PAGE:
Most entrepreneurs I write about move at very high speed and have a talent for recognizing moneymaking opportunities. Some are big thinkers who see strategic possibilities in places like the online world. Some are nuts-and-bolts small-business types who can spot or create a good little moneymaker.

I knew Kris Hart, 27, was one of the nuts-and-bolts guys when he told me about his search to find a home for his first business, a Foggy Bottom tanning salon.

Hart and his then business partner would leave George Washington University and walk down F Street, then across 17th Street, back up Connecticut, and across K Street. They charted the neighborhood, systematically covering every street and corner.

“Every single place where we saw some space for lease, we would take down the information, call them up and see if they would talk to us,” said Hart.

Thirty-five locations turned him down. The 36th — at 2112 F St. NW — didn’t.

The property was owned by King Street Properties. Hart called the principal and made an appointment to visit him at his restaurant on Duke Street in Alexandria.


“He looked at us and said, ‘When I was 22 and started my own business, I wanted a shot.’ And he said he would give us a shot. He believed in us when no one else did.”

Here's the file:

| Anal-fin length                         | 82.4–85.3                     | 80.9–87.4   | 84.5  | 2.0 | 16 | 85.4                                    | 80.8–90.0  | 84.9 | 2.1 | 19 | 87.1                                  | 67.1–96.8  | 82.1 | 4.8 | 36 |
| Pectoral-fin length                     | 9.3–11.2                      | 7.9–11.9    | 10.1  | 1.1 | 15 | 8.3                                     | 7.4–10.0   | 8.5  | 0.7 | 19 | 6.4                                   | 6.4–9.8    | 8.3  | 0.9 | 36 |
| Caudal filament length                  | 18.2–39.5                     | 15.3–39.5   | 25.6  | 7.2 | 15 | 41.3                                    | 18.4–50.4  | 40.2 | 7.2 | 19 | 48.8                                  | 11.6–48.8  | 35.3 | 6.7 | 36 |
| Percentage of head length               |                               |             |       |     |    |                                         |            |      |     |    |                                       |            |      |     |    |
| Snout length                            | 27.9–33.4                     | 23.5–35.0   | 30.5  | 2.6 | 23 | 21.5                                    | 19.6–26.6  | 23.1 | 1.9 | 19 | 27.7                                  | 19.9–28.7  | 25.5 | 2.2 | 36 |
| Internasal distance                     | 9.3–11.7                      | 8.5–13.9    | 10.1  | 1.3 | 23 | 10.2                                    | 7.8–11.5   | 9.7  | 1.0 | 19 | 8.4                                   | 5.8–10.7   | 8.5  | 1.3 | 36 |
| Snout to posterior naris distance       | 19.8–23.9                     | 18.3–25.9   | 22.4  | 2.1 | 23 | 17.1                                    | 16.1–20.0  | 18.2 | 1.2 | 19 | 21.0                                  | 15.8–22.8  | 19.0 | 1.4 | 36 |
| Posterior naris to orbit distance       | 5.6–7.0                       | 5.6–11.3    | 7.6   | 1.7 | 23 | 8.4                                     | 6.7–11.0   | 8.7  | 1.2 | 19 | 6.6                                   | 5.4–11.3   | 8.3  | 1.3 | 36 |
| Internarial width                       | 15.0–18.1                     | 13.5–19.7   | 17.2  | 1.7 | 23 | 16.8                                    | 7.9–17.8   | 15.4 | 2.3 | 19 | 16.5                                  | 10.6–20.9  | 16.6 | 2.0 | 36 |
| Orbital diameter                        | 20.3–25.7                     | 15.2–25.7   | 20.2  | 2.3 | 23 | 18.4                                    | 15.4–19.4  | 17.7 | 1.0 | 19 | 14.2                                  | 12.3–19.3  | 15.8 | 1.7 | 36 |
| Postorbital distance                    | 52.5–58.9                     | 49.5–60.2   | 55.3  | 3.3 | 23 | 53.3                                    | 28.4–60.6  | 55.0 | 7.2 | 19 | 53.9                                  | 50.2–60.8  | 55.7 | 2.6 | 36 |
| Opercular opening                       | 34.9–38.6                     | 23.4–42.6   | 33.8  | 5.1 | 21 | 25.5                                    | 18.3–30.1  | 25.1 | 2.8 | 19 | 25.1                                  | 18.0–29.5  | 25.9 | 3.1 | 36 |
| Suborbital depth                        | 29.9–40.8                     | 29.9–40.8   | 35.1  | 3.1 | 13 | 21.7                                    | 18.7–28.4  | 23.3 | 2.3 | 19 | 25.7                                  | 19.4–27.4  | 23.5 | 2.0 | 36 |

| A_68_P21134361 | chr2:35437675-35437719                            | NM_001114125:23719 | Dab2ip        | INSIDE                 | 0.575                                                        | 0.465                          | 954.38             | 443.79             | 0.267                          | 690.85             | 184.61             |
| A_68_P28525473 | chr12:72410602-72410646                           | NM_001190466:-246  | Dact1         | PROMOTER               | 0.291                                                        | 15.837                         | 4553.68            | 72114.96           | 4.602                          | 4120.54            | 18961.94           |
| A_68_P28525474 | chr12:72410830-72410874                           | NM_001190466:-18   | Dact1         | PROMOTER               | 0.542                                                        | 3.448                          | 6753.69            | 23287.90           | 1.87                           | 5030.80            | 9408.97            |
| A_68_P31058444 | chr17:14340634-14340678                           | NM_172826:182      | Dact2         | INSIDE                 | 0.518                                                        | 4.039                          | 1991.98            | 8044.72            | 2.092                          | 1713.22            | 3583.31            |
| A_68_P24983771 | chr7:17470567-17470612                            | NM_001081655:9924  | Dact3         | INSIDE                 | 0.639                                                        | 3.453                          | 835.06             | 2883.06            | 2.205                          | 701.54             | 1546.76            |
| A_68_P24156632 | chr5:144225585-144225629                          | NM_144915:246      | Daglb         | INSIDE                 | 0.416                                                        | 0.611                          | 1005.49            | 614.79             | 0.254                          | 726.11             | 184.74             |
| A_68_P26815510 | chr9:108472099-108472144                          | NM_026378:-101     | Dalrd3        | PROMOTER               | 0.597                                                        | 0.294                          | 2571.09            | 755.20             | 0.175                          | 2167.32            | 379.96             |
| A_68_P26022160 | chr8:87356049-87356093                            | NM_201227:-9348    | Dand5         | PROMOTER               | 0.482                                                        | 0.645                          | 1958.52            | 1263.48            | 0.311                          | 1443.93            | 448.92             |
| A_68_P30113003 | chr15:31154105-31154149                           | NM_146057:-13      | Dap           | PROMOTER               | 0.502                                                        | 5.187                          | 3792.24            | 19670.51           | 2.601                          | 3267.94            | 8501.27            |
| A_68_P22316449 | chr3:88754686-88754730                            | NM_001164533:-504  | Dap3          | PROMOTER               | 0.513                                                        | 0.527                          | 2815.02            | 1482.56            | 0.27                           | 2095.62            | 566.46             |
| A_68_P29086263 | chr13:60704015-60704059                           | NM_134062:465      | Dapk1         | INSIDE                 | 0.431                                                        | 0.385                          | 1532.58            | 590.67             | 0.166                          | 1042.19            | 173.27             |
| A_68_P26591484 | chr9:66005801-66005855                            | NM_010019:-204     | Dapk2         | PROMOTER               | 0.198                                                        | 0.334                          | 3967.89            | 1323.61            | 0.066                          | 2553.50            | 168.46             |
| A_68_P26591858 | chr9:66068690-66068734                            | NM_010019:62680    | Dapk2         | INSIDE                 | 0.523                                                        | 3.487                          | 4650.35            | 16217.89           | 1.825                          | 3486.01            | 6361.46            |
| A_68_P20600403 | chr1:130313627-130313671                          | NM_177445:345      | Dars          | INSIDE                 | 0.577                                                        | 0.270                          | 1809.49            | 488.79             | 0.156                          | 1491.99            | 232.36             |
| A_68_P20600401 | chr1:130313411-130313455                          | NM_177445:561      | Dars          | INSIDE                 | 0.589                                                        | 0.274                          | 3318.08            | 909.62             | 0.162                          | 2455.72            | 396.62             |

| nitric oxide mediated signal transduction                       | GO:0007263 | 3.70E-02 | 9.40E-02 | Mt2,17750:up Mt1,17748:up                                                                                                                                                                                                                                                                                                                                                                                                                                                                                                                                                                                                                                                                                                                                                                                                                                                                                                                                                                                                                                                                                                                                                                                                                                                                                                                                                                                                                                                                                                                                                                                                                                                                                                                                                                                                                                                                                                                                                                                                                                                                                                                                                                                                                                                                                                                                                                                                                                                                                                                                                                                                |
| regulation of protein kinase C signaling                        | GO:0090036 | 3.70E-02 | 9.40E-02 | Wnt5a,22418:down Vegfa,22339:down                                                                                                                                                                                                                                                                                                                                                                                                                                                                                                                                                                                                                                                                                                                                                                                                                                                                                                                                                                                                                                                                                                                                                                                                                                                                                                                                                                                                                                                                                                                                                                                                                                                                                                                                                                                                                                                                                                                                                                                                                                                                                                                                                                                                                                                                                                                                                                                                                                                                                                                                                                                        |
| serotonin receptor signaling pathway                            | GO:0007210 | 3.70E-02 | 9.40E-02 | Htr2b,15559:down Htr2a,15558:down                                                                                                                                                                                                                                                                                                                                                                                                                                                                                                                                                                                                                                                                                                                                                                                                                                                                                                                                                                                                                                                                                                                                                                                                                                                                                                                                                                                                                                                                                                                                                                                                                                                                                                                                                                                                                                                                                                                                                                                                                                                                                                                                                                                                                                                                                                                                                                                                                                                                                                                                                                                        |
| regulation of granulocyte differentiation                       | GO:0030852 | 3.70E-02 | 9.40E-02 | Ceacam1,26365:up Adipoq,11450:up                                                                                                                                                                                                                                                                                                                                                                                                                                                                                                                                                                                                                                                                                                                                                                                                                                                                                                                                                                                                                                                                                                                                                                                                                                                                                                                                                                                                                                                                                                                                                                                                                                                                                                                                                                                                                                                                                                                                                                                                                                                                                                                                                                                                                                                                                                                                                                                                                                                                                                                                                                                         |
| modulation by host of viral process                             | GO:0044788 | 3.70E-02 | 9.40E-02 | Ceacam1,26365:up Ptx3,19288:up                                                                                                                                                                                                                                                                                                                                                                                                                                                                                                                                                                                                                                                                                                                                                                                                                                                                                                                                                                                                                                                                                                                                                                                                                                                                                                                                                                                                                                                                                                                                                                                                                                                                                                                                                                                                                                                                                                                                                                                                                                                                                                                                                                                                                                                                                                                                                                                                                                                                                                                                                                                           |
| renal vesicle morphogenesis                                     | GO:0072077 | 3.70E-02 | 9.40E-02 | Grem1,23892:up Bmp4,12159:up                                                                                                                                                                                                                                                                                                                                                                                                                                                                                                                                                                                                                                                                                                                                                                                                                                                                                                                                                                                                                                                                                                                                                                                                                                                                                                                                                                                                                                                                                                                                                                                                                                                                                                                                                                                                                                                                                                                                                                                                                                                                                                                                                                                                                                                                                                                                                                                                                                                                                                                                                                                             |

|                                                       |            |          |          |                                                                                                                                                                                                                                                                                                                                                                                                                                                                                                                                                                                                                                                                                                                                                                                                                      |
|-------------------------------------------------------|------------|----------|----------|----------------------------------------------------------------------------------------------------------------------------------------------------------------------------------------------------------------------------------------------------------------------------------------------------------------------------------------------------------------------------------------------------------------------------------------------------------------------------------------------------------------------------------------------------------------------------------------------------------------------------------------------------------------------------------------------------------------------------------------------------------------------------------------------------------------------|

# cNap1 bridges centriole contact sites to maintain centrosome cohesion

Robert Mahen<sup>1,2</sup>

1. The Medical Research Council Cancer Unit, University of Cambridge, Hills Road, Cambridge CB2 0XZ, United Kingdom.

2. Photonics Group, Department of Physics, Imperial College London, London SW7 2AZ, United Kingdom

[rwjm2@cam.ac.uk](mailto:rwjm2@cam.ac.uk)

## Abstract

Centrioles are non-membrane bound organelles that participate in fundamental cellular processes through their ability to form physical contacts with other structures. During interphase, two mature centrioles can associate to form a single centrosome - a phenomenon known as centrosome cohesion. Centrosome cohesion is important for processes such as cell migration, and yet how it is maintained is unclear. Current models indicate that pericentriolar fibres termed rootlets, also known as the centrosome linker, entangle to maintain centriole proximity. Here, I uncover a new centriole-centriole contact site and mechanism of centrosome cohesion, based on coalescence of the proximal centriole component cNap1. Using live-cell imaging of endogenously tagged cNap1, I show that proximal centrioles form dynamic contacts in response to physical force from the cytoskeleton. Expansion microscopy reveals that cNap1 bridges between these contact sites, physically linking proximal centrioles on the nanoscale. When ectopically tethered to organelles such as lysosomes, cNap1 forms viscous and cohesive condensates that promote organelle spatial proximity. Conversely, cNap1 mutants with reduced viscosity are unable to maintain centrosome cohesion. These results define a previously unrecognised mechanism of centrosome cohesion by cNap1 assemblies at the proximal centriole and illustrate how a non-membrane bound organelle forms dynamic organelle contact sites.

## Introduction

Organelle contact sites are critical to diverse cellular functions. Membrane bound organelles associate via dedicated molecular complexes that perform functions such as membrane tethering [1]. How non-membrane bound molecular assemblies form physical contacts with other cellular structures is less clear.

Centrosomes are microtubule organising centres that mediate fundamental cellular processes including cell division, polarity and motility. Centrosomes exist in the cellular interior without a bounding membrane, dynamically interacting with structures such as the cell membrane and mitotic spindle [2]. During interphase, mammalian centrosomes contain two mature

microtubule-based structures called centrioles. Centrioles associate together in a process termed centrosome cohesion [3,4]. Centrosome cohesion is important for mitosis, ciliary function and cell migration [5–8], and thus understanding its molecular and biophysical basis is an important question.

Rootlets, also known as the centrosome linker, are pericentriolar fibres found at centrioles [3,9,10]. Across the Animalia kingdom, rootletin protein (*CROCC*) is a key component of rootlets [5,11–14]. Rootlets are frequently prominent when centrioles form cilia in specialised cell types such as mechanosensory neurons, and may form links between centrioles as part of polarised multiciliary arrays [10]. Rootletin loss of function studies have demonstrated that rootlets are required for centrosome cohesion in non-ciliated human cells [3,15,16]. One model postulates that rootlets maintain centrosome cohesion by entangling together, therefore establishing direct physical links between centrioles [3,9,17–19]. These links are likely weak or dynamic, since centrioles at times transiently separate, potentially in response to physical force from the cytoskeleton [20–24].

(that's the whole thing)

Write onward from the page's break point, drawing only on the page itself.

Hart and his partner signed the lease, renting 1,334 square feet for $3,600 a month, and a business was born. More than four years later, he is owner and chief executive of Hart Strategic Enterprises, a 54-employee holding company that includes Relaxed Spa & Tans and Foggy Bottom Grocery, a 64-year-old landmark he reopened March 27 after buying it for $250,000.

He expects the three businesses to gross more than $2 million this year, expecting — or at least hoping for — a 17 percent profit margin.

Hart is a shoe-leather entrepreneur. He keeps what he calls a “concept” file of businesses he dreams of starting, which currently include a pizzeria, cafeteria and bar. Then he has his “opportunities” list of possible locations for these businesses.

“I always have three business ideas on the back burner,” he said.

Hart, the son of a FedEx deliveryman from Philadelphia, came to Washington a decade ago to study political science at GWU. He quit in 2005 and started writing business plans. He wrote 19 plans, including for a consulting firm, a party bus and a sports bar.

When a fraternity brother suggested he look into opening a tanning salon, Hart began exploring. He went online and found a North Carolina company that sold tanning beds. His research told him that operational costs would be low once the initial capital investment — the beds — was made.

Hart had no assets, but he cobbled together his $220,000 start-up costs through Small Business Administration loans, family, friends and investors. His partner, a fellow GWU student, put in a $12,000 investment. Hart’s father co-signed his loans, and Relaxed Tans opened in March 2006.

They worked like mad. Hart ran the business from 9 a.m. to 3 p.m., then headed out the door for an evening job waiting tables while his business partner took over. Hart came back late at night to square that day’s records and make sure the salon was ready for the next morning.